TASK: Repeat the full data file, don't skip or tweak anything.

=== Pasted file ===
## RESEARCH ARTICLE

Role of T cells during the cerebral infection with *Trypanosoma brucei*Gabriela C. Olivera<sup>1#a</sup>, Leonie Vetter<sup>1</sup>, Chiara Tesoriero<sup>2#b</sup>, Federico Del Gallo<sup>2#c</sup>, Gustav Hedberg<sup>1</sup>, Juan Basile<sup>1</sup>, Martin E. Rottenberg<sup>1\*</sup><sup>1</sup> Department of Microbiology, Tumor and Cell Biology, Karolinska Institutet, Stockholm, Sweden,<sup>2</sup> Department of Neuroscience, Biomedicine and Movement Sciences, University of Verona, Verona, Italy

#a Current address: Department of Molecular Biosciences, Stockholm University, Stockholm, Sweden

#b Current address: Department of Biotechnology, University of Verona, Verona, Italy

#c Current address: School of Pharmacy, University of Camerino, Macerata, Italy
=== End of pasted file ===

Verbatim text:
## RESEARCH ARTICLE

Role of T cells during the cerebral infection with *Trypanosoma brucei*Gabriela C. Olivera<sup>1#a</sup>, Leonie Vetter<sup>1</sup>, Chiara Tesoriero<sup>2#b</sup>, Federico Del Gallo<sup>2#c</sup>, Gustav Hedberg<sup>1</sup>, Juan Basile<sup>1</sup>, Martin E. Rottenberg<sup>1\*</sup><sup>1</sup> Department of Microbiology, Tumor and Cell Biology, Karolinska Institutet, Stockholm, Sweden,<sup>2</sup> Department of Neuroscience, Biomedicine and Movement Sciences, University of Verona, Verona, Italy

#a Current address: Department of Molecular Biosciences, Stockholm University, Stockholm, Sweden

#b Current address: Department of Biotechnology, University of Verona, Verona, Italy

#c Current address: School of Pharmacy, University of Camerino, Macerata, Italy